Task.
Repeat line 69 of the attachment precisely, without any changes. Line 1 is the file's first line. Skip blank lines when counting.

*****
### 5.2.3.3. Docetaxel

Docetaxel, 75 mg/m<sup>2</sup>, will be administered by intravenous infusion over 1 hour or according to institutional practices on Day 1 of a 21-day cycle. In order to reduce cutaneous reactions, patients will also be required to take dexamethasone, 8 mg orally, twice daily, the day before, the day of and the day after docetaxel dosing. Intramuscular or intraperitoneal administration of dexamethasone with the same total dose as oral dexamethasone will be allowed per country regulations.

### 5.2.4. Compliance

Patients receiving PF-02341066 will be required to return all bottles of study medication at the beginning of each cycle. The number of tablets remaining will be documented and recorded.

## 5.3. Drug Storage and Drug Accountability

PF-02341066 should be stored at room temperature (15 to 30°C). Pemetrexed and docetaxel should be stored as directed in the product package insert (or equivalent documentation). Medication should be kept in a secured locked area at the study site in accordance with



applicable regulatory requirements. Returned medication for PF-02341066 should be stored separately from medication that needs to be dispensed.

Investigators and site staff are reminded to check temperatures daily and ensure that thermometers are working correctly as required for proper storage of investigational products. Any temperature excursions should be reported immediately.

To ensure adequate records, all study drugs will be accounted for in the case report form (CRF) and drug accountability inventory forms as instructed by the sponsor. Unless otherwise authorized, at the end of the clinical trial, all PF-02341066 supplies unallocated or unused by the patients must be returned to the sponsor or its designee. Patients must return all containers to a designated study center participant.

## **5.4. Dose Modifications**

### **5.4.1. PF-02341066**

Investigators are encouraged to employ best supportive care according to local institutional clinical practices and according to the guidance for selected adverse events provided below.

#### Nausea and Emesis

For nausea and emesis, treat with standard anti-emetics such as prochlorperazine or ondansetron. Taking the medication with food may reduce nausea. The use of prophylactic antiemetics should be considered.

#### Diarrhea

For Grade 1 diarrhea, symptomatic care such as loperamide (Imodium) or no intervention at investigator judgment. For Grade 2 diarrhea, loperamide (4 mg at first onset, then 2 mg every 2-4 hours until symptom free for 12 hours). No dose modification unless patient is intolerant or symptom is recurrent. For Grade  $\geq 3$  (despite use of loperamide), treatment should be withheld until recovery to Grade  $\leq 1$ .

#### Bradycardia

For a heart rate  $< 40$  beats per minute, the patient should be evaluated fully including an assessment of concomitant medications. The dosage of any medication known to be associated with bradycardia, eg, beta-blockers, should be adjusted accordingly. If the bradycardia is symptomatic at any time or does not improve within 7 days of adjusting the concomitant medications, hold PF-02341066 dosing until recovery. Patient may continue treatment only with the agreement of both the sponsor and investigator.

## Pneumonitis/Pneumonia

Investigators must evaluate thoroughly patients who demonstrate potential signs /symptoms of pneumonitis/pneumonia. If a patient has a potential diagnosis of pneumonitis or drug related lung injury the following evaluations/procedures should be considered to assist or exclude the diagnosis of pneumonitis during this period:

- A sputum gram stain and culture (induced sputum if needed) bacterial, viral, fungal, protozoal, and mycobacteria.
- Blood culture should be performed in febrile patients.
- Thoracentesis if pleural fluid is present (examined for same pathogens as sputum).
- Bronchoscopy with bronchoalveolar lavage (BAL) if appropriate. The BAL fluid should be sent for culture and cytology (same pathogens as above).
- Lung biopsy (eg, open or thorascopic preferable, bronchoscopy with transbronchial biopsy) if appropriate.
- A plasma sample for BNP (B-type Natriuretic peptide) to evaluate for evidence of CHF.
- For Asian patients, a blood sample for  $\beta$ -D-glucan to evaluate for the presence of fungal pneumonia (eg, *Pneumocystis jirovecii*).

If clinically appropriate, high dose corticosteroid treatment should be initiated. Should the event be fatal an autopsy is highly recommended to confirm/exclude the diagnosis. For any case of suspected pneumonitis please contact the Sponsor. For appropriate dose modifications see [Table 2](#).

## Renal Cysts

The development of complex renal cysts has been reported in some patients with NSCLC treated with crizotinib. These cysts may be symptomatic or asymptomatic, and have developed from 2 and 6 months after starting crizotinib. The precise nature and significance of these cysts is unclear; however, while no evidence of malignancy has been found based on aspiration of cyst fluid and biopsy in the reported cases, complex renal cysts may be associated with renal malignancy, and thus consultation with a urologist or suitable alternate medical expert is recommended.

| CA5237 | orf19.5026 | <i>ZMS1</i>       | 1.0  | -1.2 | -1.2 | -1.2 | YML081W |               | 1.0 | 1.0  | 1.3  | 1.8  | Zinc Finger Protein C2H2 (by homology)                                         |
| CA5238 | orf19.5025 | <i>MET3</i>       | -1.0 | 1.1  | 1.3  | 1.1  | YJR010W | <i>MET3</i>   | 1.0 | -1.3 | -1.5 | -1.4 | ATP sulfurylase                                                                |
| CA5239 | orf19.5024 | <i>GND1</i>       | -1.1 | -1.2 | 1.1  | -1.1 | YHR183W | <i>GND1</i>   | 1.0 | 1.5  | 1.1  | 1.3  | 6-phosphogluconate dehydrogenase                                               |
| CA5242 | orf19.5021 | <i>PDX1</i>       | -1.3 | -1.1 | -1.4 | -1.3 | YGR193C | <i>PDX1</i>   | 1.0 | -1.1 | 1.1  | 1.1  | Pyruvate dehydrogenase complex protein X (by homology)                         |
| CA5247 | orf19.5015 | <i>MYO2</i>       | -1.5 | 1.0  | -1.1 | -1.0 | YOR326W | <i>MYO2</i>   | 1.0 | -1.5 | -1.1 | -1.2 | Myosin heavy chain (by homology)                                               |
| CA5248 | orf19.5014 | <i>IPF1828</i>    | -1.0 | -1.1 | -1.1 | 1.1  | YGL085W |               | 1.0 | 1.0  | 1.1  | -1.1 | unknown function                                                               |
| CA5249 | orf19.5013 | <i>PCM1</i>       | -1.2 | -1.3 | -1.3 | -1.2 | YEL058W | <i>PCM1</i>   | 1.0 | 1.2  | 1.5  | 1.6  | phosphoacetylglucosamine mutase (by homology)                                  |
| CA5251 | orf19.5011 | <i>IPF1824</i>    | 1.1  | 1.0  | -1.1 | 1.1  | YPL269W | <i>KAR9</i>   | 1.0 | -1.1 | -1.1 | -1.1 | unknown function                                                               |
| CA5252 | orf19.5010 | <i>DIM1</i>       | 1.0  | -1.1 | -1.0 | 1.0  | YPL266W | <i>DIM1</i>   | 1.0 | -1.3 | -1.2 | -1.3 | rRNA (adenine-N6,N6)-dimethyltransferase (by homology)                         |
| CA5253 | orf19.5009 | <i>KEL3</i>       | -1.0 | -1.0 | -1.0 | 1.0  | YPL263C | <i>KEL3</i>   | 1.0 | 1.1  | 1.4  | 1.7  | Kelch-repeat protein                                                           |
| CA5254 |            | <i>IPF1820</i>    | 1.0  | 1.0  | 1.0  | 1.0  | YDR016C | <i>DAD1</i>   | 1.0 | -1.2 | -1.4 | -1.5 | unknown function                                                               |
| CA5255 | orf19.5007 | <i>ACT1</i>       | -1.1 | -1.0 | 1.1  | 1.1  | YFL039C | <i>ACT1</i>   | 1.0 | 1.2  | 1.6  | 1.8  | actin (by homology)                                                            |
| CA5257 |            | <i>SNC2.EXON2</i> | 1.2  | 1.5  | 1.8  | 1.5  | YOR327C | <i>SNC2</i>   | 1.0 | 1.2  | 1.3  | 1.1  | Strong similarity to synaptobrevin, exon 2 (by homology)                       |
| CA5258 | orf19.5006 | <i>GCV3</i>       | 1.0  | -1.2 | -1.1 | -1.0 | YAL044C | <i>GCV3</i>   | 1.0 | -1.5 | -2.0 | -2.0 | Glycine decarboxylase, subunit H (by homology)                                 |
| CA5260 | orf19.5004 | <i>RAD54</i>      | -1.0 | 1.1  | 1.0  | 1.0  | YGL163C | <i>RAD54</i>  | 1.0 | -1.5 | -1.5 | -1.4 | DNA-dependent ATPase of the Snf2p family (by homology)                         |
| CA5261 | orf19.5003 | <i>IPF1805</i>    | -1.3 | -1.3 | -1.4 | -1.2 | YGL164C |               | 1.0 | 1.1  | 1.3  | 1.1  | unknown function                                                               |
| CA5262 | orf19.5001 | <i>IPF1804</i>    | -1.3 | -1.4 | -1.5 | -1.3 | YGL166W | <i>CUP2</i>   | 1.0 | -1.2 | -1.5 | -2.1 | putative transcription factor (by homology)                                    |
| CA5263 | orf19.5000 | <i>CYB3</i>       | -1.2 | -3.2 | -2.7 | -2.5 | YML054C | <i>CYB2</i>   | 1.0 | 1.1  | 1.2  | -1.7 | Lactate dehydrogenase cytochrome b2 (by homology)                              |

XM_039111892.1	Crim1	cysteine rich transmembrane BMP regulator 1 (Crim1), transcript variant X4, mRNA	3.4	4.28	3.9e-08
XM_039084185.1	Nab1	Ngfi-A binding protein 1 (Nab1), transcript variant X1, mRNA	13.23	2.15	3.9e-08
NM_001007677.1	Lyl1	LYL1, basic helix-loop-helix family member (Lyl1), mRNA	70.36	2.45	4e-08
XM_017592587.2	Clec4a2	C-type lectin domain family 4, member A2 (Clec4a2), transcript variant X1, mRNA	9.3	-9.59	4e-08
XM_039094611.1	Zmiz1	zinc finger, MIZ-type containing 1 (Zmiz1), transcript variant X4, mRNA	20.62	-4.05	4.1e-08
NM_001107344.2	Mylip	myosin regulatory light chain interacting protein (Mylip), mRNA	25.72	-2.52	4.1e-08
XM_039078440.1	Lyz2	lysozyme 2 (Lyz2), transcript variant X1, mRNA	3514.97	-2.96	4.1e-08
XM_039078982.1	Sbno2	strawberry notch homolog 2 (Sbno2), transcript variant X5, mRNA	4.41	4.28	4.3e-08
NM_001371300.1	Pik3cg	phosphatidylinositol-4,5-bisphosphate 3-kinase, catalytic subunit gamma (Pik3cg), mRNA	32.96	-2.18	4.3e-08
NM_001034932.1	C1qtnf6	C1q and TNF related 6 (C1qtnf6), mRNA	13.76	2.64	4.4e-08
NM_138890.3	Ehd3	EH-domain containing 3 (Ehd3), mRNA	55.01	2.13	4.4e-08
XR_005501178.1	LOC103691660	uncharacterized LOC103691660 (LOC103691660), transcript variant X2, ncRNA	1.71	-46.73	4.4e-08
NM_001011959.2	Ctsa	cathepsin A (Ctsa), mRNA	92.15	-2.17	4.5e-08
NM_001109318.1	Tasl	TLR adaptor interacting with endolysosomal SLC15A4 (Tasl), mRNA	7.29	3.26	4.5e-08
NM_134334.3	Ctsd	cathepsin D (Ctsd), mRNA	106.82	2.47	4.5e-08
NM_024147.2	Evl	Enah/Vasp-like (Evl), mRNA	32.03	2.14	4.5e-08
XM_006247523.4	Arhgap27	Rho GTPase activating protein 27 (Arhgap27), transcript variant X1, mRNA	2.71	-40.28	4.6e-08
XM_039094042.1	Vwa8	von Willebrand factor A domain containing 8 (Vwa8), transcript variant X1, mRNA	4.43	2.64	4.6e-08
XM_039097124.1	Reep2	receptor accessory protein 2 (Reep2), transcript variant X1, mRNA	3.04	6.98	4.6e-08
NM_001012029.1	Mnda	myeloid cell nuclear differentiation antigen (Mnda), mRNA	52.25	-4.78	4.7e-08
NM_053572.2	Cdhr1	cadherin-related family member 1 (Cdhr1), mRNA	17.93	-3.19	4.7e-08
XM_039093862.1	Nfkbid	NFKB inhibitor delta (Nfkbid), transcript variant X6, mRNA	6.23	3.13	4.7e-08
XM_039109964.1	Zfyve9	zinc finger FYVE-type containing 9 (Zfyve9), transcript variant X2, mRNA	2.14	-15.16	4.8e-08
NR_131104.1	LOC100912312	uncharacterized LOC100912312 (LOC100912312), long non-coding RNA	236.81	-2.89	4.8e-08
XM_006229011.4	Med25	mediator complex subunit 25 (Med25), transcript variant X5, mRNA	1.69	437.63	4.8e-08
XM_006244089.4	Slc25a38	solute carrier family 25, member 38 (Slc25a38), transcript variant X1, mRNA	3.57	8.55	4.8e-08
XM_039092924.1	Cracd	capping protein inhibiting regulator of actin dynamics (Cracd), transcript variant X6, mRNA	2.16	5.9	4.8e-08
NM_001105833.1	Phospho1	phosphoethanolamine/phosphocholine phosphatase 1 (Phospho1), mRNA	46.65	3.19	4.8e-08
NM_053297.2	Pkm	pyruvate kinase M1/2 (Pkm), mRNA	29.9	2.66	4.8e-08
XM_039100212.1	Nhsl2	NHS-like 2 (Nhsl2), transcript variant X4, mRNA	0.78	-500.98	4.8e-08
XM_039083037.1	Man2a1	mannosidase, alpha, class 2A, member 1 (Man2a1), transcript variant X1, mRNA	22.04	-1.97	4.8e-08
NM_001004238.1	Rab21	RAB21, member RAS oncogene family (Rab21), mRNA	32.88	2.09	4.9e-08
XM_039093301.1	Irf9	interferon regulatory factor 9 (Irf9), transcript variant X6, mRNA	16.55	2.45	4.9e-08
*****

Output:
NM_053572.2	Cdhr1	cadherin-related family member 1 (Cdhr1), mRNA	17.93	-3.19	4.7e-08